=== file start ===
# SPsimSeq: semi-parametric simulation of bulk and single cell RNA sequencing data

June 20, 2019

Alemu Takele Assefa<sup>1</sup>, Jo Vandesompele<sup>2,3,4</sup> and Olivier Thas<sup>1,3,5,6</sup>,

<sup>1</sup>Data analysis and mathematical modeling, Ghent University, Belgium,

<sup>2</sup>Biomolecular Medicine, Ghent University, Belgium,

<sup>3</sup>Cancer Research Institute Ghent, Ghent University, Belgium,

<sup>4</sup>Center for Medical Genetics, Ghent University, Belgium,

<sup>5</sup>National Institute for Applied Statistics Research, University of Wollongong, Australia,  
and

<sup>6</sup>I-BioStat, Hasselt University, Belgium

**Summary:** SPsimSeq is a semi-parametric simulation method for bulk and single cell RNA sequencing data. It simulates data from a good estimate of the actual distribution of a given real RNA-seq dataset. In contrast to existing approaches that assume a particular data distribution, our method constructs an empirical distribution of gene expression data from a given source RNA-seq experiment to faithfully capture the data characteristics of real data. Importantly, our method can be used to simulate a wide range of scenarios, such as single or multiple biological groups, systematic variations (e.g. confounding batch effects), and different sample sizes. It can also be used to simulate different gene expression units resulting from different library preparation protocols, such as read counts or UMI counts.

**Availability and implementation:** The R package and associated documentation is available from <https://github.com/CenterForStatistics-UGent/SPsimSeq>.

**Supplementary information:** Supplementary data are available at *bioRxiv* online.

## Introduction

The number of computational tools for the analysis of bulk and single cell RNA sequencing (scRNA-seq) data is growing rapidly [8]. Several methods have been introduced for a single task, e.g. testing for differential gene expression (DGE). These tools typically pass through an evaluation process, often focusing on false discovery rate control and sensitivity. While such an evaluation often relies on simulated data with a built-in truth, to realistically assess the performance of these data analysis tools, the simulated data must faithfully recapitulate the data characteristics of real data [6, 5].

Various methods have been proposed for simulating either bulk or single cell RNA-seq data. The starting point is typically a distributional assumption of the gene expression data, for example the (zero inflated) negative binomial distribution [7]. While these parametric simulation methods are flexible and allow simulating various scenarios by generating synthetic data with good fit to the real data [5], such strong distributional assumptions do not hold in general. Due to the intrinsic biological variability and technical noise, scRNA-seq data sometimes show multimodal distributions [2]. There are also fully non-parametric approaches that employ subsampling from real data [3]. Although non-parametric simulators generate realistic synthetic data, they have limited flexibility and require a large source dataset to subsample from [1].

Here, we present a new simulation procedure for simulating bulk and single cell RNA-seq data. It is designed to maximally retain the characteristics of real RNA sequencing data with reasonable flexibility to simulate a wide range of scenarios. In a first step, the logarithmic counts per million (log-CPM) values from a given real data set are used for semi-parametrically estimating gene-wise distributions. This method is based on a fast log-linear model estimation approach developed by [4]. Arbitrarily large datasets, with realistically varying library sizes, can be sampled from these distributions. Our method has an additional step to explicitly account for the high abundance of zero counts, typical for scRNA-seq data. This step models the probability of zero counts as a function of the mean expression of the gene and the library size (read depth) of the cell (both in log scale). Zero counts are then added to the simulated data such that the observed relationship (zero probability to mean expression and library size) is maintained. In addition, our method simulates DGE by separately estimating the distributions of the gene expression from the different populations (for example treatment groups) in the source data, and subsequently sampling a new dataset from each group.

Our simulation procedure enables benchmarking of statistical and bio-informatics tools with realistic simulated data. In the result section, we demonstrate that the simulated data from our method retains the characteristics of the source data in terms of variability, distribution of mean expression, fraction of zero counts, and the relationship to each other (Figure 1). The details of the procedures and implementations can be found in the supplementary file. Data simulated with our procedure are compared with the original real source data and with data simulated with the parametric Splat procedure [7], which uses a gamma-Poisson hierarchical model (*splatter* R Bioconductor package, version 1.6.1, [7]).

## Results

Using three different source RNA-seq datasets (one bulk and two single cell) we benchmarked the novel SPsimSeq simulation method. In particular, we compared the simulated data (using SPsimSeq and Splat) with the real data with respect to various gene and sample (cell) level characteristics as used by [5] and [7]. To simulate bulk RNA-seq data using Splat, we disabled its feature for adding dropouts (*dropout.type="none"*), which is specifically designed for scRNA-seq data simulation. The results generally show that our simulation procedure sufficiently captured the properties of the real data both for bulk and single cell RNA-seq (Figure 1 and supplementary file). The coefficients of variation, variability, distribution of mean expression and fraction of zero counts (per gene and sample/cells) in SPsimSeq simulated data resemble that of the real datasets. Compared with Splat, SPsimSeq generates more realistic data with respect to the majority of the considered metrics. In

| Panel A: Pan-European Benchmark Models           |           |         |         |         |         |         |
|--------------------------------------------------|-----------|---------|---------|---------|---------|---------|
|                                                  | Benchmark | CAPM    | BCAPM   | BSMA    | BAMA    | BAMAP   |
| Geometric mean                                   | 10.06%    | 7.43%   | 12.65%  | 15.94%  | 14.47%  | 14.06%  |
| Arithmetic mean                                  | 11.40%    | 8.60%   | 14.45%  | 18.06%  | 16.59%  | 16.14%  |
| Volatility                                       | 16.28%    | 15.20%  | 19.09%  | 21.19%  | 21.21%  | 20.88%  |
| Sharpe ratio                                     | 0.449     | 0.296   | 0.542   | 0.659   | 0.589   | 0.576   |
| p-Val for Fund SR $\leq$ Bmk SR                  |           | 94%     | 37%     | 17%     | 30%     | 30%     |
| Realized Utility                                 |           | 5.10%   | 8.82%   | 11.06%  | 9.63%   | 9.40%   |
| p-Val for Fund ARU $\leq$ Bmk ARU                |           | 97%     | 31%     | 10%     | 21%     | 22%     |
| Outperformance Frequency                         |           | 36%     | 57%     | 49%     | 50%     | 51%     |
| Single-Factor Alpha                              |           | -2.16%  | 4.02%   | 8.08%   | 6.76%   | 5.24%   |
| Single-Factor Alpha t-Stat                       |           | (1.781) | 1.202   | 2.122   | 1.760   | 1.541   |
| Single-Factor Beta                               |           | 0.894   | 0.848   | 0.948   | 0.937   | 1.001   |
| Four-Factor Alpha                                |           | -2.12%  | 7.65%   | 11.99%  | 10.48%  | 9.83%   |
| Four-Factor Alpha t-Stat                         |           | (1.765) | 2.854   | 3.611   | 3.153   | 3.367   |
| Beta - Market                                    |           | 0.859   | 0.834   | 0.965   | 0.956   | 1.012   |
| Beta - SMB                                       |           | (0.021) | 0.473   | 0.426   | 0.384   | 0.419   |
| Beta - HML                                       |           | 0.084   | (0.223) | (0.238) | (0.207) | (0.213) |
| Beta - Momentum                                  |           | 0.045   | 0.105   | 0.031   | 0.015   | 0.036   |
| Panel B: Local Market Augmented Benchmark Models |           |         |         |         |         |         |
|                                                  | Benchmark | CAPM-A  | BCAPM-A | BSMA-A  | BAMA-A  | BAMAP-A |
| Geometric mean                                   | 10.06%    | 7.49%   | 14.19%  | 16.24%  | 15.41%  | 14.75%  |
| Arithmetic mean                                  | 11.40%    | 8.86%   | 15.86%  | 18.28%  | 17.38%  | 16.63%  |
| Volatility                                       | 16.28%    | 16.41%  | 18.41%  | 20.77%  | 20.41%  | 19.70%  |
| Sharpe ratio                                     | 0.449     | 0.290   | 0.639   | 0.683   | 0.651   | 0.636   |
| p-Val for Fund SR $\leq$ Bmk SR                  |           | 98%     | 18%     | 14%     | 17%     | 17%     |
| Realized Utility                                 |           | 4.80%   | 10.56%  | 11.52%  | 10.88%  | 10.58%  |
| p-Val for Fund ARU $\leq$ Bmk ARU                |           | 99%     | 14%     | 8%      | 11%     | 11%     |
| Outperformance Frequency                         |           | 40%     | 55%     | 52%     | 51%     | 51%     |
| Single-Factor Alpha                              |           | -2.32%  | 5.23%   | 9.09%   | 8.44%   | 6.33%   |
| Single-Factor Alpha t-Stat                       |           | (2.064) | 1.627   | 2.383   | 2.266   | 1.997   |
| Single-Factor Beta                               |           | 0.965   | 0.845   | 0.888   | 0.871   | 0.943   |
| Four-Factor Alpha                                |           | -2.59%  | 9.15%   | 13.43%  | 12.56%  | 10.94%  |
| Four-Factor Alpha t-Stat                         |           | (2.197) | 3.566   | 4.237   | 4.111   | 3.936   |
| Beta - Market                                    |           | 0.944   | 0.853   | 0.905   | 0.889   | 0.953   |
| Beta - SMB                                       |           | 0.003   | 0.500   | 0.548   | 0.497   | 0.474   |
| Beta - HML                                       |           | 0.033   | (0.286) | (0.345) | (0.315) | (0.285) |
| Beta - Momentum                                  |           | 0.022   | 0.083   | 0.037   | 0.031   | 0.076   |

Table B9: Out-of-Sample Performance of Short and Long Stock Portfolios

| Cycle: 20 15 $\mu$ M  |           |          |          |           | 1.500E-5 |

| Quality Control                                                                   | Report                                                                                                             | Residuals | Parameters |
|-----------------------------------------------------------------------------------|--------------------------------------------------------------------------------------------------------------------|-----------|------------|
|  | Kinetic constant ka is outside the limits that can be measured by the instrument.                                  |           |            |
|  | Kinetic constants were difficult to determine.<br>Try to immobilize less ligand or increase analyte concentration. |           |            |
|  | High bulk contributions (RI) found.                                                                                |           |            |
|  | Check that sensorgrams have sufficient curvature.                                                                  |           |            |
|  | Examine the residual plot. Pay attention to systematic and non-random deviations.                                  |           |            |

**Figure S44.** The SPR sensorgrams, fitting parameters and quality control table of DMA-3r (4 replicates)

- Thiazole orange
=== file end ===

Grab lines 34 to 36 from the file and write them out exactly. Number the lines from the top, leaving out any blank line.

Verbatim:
| Single-Factor Beta                               |           | 0.894   | 0.848   | 0.948   | 0.937   | 1.001   |
| Four-Factor Alpha                                |           | -2.12%  | 7.65%   | 11.99%  | 10.48%  | 9.83%   |
| Four-Factor Alpha t-Stat                         |           | (1.765) | 2.854   | 3.611   | 3.153   | 3.367   |